Cyber insurance offers businesses protection from financial losses created by cyber-attacks, including system hacking, data breaches, and ransomware extortion payments. If an organization stores a great deal of sensitive information internally, it would be smart for them to implement cyber insurance. When a successful cyber-attack occurs, credit card information, full names, phone numbers, addresses, driver’s license data, health records and social security numbers of multiple people no longer become private information. With knowledge of people's sensitive information, anyone with access could do profound damage to a person's life.
Every business, no matter how large or small, is an opportunity for a cybercriminal to make money. Cybercrime is opportunistic, and certain vulnerabilities make any organization a target for attack. An immediate consequence after business experiences a data breach is damage to its overall reputation. If you’re part of a larger organization, there is room for improvement upon that image. However, smaller organizations tend to have a hard time surviving post-attack. Data breaches can also sometimes include customer financial data, and heavy fines can be filed depending on what the incident report shows and if your business was compliant with the minimum standards within the law.
Productivity, too, suffers post-cyber-attack. When companies don’t have a cyber security policy and a response plan in place, then that focus that could be aimed towards forwarding business is now redirected to recovery and playing catch-up. In the end, business suffers. Lastly, if your company computer system is hacked and cybercriminals make false wire transfers using online banking credentials gathered from employees, the bank is not responsible for lost funds. These four points are exactly why cyber insurance exists and why it is used by companies around the globe.
Cyber insurance typically falls under two forms, first-party coverage and liability coverage. First-party coverage provides financial assistance to aid an insured business with recovery costs. These types of policies usually cover the cost of incident investigation, risk assessment, revenue lost from interruption of business, and ransom attack payments. Policies generally cover the cost of notifying customers about cyber-attacks and providing anti-fraud services such as credit monitoring. Some policies will even cover the repair of important systems that were damaged in an incident. The most common first-party cyber coverage is data breach insurance. Cyber liability coverage protects a business from paying out of pocket when a third party sues the policyholder for damages because of a cyber-attack. Ultimately, this coverage protects businesses from the high costs of a data breach or malicious software attack. Policies commonly cover attorney, court fees, settlements, court judgments, and regulatory fines for noncompliance.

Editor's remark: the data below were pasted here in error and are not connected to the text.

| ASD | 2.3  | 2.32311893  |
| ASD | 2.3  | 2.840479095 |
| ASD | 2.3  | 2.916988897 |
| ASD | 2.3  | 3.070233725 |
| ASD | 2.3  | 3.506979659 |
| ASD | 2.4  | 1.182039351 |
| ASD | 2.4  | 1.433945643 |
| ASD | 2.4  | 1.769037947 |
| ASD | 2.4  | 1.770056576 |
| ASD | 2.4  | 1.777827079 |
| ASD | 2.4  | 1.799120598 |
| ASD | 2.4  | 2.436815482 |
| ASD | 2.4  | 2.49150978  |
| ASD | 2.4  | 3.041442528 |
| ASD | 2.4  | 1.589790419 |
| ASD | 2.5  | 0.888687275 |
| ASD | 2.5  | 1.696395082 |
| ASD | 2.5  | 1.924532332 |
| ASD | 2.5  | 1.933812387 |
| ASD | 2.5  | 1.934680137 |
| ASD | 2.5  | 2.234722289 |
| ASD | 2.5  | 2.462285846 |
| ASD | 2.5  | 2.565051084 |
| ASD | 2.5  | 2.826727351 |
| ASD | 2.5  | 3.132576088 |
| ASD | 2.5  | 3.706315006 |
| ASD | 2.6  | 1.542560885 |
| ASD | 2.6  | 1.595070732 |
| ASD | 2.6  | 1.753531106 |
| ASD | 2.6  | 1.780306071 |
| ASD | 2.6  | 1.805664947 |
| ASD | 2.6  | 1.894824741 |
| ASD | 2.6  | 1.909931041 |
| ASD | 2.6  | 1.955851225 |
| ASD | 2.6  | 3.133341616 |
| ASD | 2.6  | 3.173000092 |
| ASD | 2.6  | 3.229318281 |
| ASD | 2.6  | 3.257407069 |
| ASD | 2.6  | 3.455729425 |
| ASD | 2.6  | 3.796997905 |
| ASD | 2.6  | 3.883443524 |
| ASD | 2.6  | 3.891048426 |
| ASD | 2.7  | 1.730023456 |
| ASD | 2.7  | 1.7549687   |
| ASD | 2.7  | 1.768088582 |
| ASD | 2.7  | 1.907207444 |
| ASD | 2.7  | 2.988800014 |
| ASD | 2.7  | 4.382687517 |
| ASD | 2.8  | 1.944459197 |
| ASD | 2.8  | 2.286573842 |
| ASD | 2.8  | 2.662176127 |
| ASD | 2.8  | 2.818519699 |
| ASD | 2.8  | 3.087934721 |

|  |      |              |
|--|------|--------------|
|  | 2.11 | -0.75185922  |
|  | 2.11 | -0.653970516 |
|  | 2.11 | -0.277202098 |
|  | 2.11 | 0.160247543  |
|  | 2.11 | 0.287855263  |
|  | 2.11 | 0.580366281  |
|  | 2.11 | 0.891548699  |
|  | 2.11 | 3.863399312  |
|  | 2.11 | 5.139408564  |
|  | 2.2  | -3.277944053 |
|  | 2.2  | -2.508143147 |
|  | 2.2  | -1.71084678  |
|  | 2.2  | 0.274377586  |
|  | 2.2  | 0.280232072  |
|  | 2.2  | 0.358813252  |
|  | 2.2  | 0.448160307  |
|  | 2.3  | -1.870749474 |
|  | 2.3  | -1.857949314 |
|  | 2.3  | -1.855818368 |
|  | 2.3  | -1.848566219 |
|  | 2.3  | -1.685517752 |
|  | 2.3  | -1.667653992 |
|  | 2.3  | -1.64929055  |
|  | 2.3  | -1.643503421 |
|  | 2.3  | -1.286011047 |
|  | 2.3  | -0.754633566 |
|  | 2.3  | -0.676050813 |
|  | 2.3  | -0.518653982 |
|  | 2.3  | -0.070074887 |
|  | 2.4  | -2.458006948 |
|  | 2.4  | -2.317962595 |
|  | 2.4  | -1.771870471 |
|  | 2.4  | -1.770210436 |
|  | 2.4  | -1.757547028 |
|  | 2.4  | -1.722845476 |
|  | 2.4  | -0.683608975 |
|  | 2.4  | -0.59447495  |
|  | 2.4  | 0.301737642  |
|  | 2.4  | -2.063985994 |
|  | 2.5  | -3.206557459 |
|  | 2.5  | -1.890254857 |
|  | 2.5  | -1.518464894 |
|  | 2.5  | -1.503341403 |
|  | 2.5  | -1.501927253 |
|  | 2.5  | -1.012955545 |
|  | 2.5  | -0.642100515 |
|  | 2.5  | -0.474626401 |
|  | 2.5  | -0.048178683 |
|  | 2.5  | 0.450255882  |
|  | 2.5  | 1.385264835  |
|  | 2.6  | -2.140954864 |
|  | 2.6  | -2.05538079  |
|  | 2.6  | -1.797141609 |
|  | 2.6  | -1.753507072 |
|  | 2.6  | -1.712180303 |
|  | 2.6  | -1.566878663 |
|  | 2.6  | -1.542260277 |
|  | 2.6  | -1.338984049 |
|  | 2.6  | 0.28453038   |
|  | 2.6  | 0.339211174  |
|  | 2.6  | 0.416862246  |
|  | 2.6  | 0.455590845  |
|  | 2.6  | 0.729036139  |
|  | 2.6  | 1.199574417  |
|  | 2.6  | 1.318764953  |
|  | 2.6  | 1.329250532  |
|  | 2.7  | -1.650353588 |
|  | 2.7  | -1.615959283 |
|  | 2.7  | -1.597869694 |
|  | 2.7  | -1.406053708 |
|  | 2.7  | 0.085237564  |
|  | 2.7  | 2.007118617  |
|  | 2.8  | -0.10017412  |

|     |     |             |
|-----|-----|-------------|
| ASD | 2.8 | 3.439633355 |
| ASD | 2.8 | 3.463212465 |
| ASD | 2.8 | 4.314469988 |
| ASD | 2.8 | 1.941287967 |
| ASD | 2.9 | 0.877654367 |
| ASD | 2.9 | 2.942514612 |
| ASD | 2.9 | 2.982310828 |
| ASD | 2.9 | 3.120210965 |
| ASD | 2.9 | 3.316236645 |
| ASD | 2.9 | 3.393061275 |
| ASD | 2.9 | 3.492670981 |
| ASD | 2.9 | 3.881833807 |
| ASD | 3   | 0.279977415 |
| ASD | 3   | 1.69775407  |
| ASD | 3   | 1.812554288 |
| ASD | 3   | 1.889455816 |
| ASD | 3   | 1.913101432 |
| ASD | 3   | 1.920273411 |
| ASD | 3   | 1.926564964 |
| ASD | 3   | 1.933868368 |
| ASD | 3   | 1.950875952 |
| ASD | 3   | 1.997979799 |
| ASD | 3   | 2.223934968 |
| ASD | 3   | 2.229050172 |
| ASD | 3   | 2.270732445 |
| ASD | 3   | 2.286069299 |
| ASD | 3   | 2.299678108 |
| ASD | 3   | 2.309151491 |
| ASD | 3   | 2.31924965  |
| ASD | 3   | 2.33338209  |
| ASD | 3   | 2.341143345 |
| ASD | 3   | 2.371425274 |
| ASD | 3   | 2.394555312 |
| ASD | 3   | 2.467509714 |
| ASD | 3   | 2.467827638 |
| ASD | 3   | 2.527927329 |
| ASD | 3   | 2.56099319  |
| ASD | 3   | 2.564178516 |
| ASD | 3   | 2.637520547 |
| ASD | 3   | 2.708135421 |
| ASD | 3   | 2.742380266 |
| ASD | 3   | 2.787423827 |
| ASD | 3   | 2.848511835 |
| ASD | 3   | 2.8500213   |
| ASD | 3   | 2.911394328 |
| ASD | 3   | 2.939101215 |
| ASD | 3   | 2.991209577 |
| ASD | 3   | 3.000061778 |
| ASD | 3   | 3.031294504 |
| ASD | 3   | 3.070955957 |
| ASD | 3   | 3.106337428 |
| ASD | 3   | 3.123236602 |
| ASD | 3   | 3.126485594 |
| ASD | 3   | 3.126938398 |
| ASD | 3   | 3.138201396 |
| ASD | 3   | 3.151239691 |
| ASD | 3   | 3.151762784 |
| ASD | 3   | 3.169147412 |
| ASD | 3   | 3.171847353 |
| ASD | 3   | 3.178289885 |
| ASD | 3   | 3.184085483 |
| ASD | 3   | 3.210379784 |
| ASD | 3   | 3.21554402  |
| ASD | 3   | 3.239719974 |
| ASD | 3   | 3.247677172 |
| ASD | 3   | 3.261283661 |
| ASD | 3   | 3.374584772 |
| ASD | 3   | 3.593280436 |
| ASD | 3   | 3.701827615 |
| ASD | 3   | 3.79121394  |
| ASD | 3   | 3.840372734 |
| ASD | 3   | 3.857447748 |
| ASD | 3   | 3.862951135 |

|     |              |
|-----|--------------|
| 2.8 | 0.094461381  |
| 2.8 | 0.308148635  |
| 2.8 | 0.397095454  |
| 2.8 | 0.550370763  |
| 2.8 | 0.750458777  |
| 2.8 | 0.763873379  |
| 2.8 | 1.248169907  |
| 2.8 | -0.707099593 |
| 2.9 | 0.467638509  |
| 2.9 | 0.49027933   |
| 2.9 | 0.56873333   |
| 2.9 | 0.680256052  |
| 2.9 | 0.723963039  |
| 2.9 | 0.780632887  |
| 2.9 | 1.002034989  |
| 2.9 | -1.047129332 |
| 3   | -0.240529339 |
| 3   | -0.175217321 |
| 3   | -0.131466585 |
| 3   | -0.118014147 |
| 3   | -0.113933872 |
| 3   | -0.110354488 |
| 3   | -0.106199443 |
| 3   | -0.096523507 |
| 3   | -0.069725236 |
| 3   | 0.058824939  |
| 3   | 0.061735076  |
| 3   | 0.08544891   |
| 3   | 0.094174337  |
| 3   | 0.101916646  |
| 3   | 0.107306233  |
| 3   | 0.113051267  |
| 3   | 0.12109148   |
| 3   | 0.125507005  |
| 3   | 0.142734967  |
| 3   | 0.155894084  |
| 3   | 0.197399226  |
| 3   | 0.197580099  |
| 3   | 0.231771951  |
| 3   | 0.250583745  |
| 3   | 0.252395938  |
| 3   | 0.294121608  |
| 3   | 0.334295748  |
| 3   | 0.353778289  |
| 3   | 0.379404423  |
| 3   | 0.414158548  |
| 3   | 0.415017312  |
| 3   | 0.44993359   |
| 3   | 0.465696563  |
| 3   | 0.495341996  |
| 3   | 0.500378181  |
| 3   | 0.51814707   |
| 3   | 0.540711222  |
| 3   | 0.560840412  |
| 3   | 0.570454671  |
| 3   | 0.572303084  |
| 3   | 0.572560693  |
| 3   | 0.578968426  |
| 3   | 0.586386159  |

All businesses need to comprehend the cyber insurance landscape is in transition and plan out policies to mitigate their cyber risk. In the very soon future, policyholders are going to be required to prove with all the documentation that the minimum controls insurance companies set are being complied with. The burden of proof will be placed solely on the policyholder, not the insurance company. To maximize the chances of a full payout, businesses will need to keep comprehensive records of insurance requirements and show that tools are being implemented to continuously alleviate potential cyber risk.
Additionally, in 2022, cyber insurance will be more difficult to acquire. Companies that cannot verify that legitimate controls are being followed will not be renewed for their insurance policy. Furthermore, even if the company has had a longstanding policy in place with a particular insurer, it will have no bearing on continued coverage. Businesses must ensure requirements are timely met rather than rushing to complete everything before a deadline, or risk getting denied insurance. Organizations must disclose if they were denied by their insurance company for renewal, so denial can become a recurring issue and make a company uninsurable. A business can certify the missing controls to make sure insurability is back on the table. Companies can improve their insurability by keeping up with what is necessary to be insured, making sure it is implemented, documenting the requirements, and tentatively improving cyber policy as new regulations come out.